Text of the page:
Direct sunlight is the body’s main source of vitamin D, and when levels are depleted in the autumn/winter months, some experts think it can increase the risk of SAD. It is therefore beneficial not only for the body but for your mental health too to get as much sunshine as you can during these months, and if you don’t have such an opportunity, try vitamin D supplements such as the Vitamin D Softgells from Myvitamins (£8.99).

Furthermore, during the winter months, you could be suffering from a lack of iron - “the world’s most common nutritional deficiency” (Jones, 2012). People with such deficiency may feel exhausted more often, pale and find it hard to concentrate. Ideally, women should have two servings of iron-rich food every day, the best sources of iron being read meat, fish, eggs, bread, fortified breakfast cereals, green leafy vegetables and dried fruit.


Though Christmas lights are already starting to appear on the streets of London, Christmas still feels so far away and it can be hard to feel motivated during autumn.To combat this, psychologist Avy Joseph recommends starting by achieving something small such as finally reading that book you’ve wanted to for ages. After that, try setting up bigger and more substantial goal. This could be work related or in the spirit of keeping a heathy mind and body, could be something like completing at least one yoga class a week or getting that driver’s licence ready for a summer road trip - let your imagination run wild and be consistent with your goals and progress - it will add a sense of fulfilment to your otherwise dark days.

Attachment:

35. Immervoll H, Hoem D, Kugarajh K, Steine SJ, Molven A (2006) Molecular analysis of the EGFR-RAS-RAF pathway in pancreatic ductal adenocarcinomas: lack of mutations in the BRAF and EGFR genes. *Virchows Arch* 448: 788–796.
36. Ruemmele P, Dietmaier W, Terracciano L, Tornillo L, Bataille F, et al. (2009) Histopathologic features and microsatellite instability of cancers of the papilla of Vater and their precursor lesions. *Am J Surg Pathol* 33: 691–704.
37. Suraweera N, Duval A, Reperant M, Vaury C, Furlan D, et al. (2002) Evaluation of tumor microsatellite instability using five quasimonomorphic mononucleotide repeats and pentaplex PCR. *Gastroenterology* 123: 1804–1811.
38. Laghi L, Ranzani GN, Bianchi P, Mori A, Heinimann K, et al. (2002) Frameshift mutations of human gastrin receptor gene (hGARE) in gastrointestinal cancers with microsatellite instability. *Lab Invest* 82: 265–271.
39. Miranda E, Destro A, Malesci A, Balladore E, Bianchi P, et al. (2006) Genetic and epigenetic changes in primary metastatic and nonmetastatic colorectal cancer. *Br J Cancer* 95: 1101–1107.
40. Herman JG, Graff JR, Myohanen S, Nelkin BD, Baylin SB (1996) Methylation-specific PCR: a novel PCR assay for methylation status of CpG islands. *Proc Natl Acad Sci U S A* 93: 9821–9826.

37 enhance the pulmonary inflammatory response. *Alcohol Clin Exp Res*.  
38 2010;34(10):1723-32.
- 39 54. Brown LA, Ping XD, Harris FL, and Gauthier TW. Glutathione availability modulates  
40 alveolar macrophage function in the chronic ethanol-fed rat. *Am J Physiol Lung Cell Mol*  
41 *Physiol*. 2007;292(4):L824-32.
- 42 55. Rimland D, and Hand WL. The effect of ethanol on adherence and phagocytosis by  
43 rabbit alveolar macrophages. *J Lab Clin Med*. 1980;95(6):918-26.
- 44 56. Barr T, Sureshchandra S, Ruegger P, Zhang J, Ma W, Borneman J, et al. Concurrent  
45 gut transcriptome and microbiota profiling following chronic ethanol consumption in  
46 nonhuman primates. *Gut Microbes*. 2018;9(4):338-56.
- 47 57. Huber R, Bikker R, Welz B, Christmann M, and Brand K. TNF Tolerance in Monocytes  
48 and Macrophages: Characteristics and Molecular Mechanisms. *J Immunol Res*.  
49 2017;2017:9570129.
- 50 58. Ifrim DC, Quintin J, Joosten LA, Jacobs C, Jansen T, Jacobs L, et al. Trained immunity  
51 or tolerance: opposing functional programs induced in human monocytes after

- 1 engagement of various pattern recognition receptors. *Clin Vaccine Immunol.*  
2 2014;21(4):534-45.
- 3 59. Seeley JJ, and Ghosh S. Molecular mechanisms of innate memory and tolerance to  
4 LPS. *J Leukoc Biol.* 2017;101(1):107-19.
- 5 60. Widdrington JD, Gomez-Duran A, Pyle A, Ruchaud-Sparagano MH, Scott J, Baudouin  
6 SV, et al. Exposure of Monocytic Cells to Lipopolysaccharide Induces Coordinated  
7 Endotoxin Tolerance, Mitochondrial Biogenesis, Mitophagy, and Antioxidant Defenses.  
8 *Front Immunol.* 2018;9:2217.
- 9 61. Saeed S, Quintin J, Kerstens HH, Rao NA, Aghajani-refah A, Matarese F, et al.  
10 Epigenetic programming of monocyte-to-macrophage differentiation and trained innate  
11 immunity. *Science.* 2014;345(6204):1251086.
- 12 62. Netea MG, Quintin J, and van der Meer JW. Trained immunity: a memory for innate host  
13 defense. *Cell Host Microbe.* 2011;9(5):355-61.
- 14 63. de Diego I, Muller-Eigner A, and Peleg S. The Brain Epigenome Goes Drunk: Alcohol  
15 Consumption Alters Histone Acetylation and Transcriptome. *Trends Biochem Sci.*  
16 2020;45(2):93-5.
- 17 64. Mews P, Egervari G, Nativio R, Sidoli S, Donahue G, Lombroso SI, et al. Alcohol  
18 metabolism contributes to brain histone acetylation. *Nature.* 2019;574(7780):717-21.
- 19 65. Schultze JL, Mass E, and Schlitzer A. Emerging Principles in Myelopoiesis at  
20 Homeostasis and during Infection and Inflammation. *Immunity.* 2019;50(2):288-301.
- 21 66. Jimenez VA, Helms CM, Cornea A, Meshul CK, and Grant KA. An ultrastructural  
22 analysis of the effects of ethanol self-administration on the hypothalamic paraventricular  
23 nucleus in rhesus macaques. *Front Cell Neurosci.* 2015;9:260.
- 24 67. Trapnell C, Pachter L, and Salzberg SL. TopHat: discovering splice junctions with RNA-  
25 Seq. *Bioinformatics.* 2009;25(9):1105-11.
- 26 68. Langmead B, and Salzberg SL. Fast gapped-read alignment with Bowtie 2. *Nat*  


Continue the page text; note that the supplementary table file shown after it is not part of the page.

It is now well established that your mood can have an effect on the gut. Research is also now showing that our gut bacteria may substantially influence our mood, via the gut-brain-axis (Braye, 2018). In addition, with 70% of the immune system residing in the gut, our gut bacteria also act as our first line of defence against harmful viruses, bacteria and other pathogens.Taking a good quality daily live bacteria supplement, such as the Bio-Kult Advanced Multi-Strain Formulation , is a great strategy to support healthy digestion, mood and immune function.


Though it can be hard to motivate yourself to brave the cold and the winds of the UK, there is growing and supported evidence to suggest that exposure to the natural environments and green spaces has profound benefits associated with mental health. Getting out in nature has shown a reduction in stress levels throughout the year as well as a potential reduction in depression and anxiety symptoms. If you live in city, perhaps you could take a few minutes to walk around a park in the morning, or during a lunch break.


Countless studies show that having a good network of friends can ward off depression (Jones, 2012), however, at this time of year it’s easier to binge watch your favourite show in Netflix 100 times. We’ll tell you this how it is: make it your absolute mission to go out at least once a week. This doesn’t mean you need to dress up and go out every day, an evening watching a feel-good movie or having a good gossip over a home-cooked meal is a guaranteed way to make you feel better about yourself and also feed of the energy of your friends. Do not isolate yourself during this season.


What many of us experience during this season is what psychologists at the University of Granada in Spain have dubbed ‘post-holiday syndrome’ – feeling tired, fed-up and unmotivated after our summer break. However, more often than not, it’s not the trip itself that puts a smile of your face, it turns out that planning a holiday is just as important, with psychologists suggesting that just looking forward to your break is enough to lift your mood. So, ladies and gents, get planning on your next getaway, no matter how big or small, we are all getting through this season together in style.


bottom of page